Terror is a Man
The film, even though it only lasted 88 minutes, wasn’t afraid to take it’s time to get to where most people watching wanted it to go.  When you speak of Filipino exploitation films you think of the films of Jack Hill and Cirio Santiago but rather than rush through the origins of the movement it took time to establish the roots than gave the richest and most creative fruit.  Gerrardo De Leon and the young and eager Eddie Romero in the early days with horror offerings like The Raiders of Leyte Gulf and Terror is a Man which surely pioneered the art of the “event gimmick” with the scary moment horror bell, fans of The Beast Must Die will fully understand.  These films established the Philippines as a thriving spot for film making and made it the cinematic home of Roger Corman and his directors for many years to come.  The early war and horror titles gave way to Jack Hill and what Jack Hill did best, lawless women that was more than a little tongue in cheek and a partnership with an inexperienced but highly motivated young actress called Pam Grier.  Upon exporting The Big Doll House back to the U.S the film became the most profitable independent film of the time and gave rise to an entire genre and an opportunity for dozens of directors and hundreds of performers to create something that can truly never be recreated.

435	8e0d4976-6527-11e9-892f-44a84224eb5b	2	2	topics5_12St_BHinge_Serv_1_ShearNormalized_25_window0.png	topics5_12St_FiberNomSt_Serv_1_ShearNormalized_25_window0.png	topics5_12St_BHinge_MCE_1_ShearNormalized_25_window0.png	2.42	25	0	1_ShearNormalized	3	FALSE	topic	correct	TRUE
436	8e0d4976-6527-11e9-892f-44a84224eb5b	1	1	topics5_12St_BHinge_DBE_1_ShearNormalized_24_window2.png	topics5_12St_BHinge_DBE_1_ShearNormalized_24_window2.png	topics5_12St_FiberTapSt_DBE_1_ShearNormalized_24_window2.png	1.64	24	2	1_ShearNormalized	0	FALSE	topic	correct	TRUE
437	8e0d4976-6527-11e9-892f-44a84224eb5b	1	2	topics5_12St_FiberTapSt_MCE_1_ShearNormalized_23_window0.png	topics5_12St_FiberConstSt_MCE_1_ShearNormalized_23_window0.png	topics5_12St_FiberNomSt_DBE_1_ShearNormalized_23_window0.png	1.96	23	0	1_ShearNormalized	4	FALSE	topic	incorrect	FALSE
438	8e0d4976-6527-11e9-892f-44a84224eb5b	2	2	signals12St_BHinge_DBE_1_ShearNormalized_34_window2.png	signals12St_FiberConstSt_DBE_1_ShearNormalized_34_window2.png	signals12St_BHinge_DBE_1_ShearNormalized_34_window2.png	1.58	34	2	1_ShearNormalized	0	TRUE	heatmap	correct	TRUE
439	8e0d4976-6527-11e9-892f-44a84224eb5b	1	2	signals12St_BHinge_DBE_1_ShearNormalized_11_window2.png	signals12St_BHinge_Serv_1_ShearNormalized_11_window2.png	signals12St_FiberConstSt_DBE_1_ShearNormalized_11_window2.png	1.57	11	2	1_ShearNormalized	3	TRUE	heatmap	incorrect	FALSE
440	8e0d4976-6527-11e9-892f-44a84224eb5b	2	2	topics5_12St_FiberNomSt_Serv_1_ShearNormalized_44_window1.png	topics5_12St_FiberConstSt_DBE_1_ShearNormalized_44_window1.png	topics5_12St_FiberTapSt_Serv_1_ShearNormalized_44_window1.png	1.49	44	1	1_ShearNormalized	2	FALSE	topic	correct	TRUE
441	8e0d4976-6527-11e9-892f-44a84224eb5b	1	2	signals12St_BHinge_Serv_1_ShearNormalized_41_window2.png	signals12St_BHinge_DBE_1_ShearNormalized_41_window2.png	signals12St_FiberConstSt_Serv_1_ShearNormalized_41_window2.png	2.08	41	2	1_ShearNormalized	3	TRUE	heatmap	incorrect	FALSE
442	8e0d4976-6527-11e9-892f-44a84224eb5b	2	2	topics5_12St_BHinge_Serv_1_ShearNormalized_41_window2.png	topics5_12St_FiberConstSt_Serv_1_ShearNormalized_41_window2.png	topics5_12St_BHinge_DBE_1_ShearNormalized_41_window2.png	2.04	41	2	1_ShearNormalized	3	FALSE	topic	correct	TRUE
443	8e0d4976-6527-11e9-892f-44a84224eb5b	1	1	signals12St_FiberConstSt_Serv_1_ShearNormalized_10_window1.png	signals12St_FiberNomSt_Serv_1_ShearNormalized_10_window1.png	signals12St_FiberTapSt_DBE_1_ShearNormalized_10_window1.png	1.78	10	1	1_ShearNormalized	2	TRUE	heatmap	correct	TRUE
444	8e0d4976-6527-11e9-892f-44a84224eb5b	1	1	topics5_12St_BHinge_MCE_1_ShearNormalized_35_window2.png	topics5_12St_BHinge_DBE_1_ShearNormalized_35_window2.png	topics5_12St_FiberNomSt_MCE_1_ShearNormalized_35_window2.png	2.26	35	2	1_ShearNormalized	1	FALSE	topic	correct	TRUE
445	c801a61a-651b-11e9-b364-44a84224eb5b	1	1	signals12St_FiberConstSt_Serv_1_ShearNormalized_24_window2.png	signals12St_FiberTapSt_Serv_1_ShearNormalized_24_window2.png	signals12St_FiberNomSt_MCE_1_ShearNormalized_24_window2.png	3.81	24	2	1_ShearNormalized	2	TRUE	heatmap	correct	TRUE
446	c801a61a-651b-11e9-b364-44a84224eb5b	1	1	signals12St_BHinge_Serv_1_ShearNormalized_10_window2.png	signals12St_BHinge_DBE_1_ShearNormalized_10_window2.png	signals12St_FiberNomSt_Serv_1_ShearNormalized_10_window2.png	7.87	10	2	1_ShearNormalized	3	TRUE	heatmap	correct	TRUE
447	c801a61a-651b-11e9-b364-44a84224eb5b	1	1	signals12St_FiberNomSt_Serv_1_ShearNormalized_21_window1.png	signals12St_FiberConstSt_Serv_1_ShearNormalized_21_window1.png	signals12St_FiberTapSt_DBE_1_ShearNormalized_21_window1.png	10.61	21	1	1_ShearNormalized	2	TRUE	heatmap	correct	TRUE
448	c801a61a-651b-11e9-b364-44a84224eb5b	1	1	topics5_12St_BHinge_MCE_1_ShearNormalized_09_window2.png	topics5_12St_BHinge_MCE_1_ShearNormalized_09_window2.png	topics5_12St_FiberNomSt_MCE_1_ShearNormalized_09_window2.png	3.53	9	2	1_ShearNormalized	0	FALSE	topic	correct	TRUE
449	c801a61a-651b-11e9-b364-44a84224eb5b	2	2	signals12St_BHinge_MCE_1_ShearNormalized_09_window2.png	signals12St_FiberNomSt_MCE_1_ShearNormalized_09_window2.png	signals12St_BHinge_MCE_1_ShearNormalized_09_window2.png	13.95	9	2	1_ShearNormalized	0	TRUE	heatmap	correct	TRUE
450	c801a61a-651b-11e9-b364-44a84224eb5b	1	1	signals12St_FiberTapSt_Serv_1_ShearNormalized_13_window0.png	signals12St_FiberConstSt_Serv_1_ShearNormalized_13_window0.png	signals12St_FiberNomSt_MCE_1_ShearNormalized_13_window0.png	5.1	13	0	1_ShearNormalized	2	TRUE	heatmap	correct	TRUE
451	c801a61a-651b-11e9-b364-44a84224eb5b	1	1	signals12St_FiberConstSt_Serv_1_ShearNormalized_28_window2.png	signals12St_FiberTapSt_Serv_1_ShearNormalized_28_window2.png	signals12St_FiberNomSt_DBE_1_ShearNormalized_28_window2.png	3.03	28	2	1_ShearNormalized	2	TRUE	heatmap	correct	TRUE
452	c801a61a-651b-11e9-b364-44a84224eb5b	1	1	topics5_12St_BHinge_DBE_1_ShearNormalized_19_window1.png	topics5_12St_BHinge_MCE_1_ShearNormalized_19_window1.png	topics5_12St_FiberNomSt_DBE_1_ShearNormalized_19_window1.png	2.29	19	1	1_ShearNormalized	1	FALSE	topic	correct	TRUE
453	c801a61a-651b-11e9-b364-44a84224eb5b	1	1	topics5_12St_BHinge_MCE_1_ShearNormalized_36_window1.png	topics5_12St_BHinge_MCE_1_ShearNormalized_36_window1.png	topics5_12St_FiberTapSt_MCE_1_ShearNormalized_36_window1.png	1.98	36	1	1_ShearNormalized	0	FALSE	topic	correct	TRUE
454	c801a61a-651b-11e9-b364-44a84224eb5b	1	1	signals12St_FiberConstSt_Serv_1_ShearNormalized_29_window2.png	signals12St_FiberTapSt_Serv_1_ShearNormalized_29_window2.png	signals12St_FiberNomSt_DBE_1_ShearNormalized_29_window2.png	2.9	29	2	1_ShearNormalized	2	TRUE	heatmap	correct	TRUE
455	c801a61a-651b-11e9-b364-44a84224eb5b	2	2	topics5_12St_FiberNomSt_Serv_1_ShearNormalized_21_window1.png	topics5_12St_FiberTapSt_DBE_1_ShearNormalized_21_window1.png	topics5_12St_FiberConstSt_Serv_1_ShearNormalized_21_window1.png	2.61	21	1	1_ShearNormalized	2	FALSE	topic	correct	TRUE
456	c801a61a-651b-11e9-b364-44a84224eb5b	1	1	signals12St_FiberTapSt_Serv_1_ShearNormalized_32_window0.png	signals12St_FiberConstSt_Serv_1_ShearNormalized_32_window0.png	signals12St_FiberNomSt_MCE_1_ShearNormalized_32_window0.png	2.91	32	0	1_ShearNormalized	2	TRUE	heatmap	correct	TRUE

For Y'ur Height Only